Region          West Midlands

Ceremonial county Staffordshire

County Borough established       31 March 1910

City status     5 June 1925

Unitary authority      1 April 1998

Administrative HQ   Stoke-upon-Trent (Civic Centre)


 • Type           Unitary authority

 • Body           Stoke-on-Trent City Council

 • Leadership            Leader and cabinet

 • Executive  Independent / Conservative

 • Leader of the Council     Cllr Abi Brown (Conservative)

 • MPs            Jo Gideon (C)

Jonathan Gullis (C)

Jack Brereton (C)


 • City 36.08 sq mi (93.45 km2)

 • Urban         40.1 sq mi (103.9 km2)

Area rank      223rd

Highest elevation (52°57′33″N 2°6′36″W)          820 ft (250 m)

Lowest elevation (52°58′37″N 2°12′15″W)         315 ft (96 m)

Population (mid-2019 est.)

 • City 256,375

 • Rank          68th

 • Density      7,090/sq mi (2,738/km2)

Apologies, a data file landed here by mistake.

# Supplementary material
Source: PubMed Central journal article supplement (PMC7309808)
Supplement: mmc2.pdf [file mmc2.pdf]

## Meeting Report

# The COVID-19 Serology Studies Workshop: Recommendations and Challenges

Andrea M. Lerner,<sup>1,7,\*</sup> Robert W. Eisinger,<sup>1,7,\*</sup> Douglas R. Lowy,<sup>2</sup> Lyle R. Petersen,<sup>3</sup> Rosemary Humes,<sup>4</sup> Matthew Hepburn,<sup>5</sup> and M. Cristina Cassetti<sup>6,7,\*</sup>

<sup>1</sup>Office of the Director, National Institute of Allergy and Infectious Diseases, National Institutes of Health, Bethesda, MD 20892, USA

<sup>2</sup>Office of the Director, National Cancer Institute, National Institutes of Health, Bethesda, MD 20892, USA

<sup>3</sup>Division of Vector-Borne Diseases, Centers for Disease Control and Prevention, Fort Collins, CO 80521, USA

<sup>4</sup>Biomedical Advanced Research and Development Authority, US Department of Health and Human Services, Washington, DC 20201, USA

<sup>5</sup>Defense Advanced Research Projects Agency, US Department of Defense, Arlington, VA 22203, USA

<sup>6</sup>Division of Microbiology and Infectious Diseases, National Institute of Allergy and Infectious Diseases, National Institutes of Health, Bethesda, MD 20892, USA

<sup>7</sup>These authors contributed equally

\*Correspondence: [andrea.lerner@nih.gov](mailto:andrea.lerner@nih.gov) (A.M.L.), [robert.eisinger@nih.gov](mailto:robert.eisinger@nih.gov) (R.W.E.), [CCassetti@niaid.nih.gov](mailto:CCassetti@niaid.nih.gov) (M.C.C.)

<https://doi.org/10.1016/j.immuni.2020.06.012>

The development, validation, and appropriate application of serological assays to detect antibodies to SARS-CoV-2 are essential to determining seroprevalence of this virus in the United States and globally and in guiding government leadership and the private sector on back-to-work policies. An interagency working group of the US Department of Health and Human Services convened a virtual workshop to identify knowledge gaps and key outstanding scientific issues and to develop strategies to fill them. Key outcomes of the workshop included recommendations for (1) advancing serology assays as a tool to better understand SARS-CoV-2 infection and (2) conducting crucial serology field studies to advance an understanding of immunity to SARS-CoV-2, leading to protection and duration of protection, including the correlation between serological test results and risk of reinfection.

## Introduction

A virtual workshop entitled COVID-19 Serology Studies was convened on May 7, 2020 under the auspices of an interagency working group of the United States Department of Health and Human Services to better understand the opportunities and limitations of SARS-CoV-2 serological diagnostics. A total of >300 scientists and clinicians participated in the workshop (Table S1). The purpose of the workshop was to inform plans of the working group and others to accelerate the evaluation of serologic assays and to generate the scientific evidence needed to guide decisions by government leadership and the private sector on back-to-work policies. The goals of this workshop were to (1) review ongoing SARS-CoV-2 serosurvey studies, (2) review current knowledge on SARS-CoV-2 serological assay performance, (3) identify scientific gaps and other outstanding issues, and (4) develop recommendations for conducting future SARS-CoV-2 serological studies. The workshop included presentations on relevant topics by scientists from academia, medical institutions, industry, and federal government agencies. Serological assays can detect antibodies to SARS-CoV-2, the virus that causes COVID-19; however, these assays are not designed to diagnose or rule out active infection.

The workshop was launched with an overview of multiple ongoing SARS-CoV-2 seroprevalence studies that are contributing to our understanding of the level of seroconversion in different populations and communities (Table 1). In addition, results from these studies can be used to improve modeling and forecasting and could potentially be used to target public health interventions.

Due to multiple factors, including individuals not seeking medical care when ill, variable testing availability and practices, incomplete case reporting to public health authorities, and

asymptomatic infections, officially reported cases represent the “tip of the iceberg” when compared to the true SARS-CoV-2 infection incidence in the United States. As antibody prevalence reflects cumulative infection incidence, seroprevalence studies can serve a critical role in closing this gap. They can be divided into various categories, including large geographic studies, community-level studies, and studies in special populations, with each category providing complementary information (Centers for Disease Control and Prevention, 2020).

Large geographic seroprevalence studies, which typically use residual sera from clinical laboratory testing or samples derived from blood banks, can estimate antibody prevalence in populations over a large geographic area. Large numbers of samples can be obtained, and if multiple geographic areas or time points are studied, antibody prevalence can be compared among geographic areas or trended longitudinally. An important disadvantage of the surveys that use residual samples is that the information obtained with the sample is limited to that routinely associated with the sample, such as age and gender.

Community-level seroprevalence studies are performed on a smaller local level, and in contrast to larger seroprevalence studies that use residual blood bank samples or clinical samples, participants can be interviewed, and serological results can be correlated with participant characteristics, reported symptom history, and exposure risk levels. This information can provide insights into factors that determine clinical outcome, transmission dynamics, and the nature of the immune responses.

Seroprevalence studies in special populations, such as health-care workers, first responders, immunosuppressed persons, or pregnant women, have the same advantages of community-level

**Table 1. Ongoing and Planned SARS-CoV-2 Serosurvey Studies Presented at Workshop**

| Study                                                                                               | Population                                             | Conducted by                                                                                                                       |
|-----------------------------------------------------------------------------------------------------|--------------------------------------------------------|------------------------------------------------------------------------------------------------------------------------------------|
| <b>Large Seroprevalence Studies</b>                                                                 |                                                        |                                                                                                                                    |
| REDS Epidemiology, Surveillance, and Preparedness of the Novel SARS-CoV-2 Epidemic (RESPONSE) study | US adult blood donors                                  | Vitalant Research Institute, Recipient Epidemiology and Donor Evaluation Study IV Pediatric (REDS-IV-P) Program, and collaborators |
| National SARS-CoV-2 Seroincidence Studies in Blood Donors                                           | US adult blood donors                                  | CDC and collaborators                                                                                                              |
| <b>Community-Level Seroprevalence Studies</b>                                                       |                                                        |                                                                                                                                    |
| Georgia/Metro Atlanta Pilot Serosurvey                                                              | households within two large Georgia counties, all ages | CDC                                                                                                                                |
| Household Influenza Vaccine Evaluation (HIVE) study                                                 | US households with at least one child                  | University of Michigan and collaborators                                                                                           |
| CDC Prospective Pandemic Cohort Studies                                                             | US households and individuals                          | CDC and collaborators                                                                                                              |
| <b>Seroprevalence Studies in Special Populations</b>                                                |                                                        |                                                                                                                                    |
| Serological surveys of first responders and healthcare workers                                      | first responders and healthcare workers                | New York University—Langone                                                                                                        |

• Urban         372,775 (19th)

 • Urban density       9,290/sq mi (3,588/km2)

 • Metro          678,000 (17th)

 • Ethnicity    88.7% White

7.4% Asian

1.4% Black

1.8% Mixed Race

0.7% Other

 • Religion     60.9% Christian

6.0% Muslim

1.5% Other

31.6% None/Not stated

Demonym(s) Stokie

Potter (colloq.)

Time zone     UTC±0 (Greenwich Mean Time)

 • Summer (DST)     UTC+1 (British Summer Time)

Postcode area         


Dialling code            01782

ISO 3166 code         GB-STE

Vehicle registration prefix D

GSS code     E06000021

NUTS 3 code           UKG23

Trunk primary routes          A50


Major railway stations         Stoke-on-Trent (C1)